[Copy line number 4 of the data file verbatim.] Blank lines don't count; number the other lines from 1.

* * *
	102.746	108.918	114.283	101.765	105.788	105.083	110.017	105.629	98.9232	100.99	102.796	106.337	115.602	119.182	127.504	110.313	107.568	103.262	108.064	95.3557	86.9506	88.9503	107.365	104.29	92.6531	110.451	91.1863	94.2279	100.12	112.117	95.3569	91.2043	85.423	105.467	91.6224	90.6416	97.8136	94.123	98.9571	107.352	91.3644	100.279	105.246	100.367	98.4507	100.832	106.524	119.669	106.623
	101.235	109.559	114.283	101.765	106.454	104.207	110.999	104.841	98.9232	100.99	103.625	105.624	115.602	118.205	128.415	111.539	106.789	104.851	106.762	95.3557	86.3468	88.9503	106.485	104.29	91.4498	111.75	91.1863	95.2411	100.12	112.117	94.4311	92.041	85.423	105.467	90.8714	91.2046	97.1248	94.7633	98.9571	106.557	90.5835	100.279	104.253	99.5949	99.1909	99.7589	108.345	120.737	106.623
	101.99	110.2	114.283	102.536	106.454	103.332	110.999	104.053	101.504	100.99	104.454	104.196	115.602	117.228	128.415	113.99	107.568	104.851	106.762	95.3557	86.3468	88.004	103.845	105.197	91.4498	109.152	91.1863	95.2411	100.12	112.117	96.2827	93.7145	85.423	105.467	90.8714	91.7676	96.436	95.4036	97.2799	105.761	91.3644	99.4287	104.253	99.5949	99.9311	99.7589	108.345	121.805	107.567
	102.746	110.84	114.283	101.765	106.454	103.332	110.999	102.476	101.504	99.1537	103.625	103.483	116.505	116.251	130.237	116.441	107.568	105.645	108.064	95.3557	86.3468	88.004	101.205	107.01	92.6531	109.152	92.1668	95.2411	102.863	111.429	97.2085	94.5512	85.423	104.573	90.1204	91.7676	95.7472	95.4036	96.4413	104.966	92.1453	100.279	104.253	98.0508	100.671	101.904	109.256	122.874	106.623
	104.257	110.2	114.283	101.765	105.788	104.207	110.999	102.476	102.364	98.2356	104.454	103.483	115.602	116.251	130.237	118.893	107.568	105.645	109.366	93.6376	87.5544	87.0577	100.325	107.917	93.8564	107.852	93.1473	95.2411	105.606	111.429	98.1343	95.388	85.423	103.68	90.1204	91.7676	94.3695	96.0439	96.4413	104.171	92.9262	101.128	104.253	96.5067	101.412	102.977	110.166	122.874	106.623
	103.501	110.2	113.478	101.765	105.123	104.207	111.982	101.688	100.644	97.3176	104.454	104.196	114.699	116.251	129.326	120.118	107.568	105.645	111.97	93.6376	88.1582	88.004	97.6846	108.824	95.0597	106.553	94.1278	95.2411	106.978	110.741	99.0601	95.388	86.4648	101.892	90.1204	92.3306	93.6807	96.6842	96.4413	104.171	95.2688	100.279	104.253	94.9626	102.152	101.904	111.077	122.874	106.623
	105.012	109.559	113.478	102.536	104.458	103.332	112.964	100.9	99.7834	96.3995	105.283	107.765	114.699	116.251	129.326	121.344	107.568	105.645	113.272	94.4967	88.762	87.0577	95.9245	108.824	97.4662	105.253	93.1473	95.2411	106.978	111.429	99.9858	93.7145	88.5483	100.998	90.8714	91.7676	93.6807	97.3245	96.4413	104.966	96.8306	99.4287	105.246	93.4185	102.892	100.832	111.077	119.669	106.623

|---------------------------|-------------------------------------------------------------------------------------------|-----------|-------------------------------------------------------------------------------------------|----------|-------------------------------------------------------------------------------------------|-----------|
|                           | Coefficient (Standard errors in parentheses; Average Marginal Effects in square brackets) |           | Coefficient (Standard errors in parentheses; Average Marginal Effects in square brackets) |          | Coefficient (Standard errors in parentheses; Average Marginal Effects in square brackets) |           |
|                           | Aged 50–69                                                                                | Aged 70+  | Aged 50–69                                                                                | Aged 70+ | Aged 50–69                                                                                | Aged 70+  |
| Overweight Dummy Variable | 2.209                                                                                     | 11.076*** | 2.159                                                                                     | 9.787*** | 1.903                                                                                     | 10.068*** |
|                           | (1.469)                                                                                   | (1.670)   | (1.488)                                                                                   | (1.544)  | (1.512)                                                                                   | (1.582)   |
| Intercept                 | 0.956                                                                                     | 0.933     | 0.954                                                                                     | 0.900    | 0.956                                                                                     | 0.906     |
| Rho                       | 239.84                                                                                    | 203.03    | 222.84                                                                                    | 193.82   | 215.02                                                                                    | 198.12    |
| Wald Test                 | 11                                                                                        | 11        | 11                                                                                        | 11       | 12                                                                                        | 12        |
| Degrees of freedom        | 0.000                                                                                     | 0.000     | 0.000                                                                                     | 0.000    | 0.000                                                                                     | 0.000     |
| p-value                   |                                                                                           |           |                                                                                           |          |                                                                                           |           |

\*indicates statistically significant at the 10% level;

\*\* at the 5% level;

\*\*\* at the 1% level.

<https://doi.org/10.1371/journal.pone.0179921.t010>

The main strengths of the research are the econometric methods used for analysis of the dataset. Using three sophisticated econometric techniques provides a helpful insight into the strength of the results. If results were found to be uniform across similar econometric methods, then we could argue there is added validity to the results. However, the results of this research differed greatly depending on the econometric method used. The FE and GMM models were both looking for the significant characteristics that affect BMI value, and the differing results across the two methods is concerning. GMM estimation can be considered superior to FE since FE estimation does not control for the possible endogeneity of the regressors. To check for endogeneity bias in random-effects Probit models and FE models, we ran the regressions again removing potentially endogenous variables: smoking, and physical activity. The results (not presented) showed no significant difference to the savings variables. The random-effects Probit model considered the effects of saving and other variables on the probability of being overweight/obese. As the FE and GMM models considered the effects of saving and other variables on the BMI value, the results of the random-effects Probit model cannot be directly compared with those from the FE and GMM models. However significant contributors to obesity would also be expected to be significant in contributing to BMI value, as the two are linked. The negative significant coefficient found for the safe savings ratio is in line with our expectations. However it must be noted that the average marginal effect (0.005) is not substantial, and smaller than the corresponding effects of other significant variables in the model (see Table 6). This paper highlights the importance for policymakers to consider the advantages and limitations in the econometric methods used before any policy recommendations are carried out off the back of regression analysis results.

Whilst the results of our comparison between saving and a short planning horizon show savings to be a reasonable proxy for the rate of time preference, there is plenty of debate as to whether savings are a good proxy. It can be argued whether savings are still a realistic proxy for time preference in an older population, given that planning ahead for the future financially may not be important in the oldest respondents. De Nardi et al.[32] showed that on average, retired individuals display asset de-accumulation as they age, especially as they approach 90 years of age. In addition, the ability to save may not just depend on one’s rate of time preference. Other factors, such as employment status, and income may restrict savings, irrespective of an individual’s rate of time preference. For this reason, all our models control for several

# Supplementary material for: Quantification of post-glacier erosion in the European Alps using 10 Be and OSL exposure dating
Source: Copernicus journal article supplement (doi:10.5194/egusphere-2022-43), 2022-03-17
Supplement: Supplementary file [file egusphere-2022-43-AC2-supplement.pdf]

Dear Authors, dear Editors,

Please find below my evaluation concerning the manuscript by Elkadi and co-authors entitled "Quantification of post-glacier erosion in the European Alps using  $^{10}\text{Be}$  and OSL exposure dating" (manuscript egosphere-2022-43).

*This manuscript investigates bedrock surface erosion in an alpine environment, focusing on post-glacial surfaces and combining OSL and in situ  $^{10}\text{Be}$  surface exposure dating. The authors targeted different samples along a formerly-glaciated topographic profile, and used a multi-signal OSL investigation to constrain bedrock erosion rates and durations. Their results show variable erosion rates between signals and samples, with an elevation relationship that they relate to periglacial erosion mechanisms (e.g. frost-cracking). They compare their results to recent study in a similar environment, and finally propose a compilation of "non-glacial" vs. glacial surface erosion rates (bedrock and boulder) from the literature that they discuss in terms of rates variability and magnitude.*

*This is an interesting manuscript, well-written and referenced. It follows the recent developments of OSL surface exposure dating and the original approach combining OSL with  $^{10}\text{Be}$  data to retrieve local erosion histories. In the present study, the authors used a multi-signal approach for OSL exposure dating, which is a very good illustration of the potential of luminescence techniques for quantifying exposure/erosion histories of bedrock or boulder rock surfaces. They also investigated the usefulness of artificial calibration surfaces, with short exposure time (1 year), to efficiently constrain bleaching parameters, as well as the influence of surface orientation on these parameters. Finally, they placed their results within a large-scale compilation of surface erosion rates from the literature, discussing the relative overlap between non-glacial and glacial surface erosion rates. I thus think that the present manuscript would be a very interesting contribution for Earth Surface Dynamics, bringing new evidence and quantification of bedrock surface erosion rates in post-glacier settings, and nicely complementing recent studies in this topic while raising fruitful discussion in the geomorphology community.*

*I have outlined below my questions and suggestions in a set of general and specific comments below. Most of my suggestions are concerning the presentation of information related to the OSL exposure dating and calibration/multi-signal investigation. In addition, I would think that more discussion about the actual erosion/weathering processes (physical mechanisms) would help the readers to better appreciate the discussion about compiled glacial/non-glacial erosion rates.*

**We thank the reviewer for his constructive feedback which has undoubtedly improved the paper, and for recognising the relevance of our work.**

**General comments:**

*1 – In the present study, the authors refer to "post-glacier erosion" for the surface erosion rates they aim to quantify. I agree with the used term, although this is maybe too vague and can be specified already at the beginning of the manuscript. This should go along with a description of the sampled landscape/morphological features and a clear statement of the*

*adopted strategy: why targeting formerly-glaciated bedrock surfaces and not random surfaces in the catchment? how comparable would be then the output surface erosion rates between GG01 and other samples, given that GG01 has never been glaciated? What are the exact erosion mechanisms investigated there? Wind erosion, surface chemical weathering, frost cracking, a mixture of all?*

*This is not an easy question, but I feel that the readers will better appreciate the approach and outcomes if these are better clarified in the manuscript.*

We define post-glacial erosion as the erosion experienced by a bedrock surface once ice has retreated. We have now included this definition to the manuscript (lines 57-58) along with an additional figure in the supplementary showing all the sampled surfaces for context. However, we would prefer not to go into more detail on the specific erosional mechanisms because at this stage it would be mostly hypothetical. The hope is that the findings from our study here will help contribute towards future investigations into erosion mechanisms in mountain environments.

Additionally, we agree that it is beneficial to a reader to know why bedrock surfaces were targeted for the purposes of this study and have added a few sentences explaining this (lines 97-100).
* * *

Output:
	102.746	110.84	114.283	101.765	106.454	103.332	110.999	102.476	101.504	99.1537	103.625	103.483	116.505	116.251	130.237	116.441	107.568	105.645	108.064	95.3557	86.3468	88.004	101.205	107.01	92.6531	109.152	92.1668	95.2411	102.863	111.429	97.2085	94.5512	85.423	104.573	90.1204	91.7676	95.7472	95.4036	96.4413	104.966	92.1453	100.279	104.253	98.0508	100.671	101.904	109.256	122.874	106.623